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Prescription Drug Take Back Program A Success In San Diego

The County Medical Examiner says the leading cause of accidental death in San Diego is prescription drugs. Primarily caused by people who overdose on pain medication. Now federal authorities in San Diego say more people than ever before are getting rid of their unused prescriptions properly.

"We see a larger portion of the over 50 crowd, people who typically have more medication in their house," DEA Special Agent Tom Lenox, said. He also says the Prescription Drug Take Back program is showing signs of success and their latest collection of dropped off drugs is but a small example.

"We brought in almost 9,200 pounds, well over a ton more than we did in the last event," he said. The DEA and its partners set up drop off boxes for unused prescriptions at 35 locations in San Diego and three in Imperial County.

Agent Lenox says when the program started in 2009 there were only six drop off sites. "I think that tells me right now that the San Diego community understands the dangers of prescription drugs and the need to get rid of them and have them properly disposed of," Lenox said.

The program went national in 2010 and San Diego was the first to include Marine and Navy drop off sites. As well as colleges and Indian Reservations. "We had three different colleges and universities participating and San Diego being what it is we have tribal police involved on Indian reservations," Lenox said.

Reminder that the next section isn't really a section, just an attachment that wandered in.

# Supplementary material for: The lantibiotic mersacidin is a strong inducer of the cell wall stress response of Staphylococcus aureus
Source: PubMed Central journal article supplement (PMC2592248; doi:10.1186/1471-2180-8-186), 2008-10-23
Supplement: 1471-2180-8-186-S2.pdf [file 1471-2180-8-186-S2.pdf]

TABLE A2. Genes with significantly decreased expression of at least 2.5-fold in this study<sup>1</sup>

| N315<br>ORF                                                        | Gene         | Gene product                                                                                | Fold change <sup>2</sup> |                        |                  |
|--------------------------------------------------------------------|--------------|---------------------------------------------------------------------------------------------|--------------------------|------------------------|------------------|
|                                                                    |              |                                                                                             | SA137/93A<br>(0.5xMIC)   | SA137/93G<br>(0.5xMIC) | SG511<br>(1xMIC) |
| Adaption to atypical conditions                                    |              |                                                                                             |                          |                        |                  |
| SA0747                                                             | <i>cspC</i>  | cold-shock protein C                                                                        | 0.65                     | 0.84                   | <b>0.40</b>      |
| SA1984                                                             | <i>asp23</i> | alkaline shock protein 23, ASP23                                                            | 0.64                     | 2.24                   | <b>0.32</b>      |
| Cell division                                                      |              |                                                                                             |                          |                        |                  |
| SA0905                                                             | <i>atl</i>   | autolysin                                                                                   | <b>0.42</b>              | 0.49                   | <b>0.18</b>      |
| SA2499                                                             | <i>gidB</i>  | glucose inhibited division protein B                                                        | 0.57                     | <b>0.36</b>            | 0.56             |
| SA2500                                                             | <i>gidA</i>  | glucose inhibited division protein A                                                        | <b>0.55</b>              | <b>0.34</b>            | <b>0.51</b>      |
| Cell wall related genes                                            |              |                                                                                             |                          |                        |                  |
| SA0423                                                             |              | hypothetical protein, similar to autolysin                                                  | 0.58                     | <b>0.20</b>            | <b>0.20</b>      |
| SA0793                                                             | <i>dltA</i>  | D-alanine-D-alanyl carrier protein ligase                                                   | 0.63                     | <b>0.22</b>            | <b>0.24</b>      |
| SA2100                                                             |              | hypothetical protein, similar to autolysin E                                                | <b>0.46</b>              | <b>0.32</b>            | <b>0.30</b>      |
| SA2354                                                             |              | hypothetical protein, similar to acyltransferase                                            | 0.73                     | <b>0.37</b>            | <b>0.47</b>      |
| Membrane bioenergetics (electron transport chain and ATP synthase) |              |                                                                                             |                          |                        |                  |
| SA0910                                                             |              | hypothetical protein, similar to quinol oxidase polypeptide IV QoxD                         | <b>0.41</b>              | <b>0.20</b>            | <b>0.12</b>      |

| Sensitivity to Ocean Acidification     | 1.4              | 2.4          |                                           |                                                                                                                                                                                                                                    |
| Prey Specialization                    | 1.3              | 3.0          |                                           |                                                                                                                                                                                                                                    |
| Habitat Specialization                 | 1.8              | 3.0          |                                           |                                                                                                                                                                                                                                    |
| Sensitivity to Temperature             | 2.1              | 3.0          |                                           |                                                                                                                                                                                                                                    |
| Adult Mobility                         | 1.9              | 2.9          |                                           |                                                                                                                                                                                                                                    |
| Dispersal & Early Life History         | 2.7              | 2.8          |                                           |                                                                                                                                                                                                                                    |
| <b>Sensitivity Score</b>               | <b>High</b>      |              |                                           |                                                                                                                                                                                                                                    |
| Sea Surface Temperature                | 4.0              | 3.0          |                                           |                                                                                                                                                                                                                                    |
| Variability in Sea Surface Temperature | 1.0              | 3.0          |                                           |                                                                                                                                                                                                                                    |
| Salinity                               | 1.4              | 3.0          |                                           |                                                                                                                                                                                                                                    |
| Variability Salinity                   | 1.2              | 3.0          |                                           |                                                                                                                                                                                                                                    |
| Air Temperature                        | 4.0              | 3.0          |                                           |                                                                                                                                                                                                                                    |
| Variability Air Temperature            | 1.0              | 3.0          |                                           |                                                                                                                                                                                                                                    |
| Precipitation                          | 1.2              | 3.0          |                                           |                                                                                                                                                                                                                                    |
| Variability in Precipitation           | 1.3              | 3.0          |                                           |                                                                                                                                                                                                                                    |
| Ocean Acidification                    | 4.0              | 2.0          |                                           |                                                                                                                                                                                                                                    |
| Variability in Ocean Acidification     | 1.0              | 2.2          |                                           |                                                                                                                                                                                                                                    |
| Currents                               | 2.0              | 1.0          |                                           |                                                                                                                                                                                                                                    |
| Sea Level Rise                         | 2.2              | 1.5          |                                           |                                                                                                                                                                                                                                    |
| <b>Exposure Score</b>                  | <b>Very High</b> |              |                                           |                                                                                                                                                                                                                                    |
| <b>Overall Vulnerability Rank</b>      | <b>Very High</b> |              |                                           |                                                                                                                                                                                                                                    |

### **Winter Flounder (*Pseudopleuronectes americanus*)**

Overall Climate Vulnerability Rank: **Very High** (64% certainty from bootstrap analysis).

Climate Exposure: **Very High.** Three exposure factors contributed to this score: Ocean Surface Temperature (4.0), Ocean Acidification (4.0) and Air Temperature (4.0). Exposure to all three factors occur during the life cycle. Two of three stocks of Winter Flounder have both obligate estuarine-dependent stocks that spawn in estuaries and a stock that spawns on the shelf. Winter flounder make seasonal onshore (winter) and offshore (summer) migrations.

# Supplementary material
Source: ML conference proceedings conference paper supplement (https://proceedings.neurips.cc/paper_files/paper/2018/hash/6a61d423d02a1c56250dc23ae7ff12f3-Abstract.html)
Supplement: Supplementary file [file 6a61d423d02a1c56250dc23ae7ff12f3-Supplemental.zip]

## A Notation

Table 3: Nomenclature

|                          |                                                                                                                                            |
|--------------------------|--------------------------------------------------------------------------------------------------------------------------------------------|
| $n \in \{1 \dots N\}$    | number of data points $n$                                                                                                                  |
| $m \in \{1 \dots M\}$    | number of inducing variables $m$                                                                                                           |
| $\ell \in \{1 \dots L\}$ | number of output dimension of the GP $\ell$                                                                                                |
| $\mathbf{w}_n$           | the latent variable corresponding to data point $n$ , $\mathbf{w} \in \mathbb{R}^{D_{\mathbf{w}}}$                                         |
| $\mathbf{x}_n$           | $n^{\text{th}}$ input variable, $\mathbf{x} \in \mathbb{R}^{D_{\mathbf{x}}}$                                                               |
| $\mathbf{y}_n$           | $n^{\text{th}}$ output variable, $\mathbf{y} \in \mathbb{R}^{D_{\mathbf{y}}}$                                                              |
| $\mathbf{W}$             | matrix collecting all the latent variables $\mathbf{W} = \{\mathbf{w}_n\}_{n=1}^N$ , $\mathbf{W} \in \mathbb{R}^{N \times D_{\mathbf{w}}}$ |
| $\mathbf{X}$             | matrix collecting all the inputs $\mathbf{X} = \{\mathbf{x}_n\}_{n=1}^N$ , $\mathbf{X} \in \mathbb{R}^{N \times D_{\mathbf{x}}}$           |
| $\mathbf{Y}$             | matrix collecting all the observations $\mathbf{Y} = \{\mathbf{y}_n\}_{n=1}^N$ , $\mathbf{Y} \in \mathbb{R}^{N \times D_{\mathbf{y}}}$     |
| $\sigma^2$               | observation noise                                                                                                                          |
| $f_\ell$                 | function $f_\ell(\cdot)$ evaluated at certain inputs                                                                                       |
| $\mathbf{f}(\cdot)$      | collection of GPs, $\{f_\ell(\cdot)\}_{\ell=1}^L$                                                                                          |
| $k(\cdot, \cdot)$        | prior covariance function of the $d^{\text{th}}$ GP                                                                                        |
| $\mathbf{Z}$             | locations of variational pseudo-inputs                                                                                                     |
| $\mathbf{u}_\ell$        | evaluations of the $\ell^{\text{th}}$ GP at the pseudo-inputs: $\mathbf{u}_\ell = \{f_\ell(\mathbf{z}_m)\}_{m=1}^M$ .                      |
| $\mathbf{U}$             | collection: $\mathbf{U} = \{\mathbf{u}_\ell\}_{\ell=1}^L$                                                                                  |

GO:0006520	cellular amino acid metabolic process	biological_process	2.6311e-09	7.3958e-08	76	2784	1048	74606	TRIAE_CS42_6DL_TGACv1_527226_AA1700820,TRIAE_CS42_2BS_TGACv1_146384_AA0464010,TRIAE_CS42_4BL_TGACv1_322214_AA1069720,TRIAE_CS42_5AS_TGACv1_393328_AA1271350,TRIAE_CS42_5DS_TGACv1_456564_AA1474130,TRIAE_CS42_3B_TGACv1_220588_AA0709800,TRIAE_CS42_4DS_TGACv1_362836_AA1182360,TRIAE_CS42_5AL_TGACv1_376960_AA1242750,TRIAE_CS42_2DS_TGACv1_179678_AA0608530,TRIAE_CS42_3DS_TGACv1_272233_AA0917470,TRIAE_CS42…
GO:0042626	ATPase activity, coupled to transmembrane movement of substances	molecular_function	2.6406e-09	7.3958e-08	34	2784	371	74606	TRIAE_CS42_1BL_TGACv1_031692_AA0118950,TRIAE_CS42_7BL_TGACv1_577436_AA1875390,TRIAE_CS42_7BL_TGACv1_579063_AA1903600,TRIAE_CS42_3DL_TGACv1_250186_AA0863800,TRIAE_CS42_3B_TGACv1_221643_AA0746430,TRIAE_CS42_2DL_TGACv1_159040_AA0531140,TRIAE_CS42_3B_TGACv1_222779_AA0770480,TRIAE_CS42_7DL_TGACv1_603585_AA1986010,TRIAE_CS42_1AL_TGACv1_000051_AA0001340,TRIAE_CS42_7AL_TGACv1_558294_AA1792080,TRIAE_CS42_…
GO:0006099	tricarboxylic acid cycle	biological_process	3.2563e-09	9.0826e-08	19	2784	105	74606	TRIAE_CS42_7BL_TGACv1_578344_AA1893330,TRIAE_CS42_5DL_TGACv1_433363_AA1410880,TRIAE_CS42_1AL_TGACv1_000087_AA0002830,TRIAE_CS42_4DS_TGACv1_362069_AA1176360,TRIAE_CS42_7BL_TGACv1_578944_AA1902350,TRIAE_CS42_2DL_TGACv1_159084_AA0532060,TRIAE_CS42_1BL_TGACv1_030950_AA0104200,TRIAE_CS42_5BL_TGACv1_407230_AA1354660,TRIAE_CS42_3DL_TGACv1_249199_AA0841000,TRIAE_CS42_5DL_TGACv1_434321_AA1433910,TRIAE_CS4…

Over the past decade prescription drug-related death has increased 85 percent. Agent Lenox says you don't have to wait for the DEA's next event in October to get rid of your unused drugs.

"Obviously we do these every six months, if somebody has prescription drugs and haven't been able to get to a Take Back program. Currently the San Diego Sheriff's deparment have drop boxes at all of their 24 locations." Agent Lenox says all of the drugs turned in last weekend will be taken to a special facility and burned.

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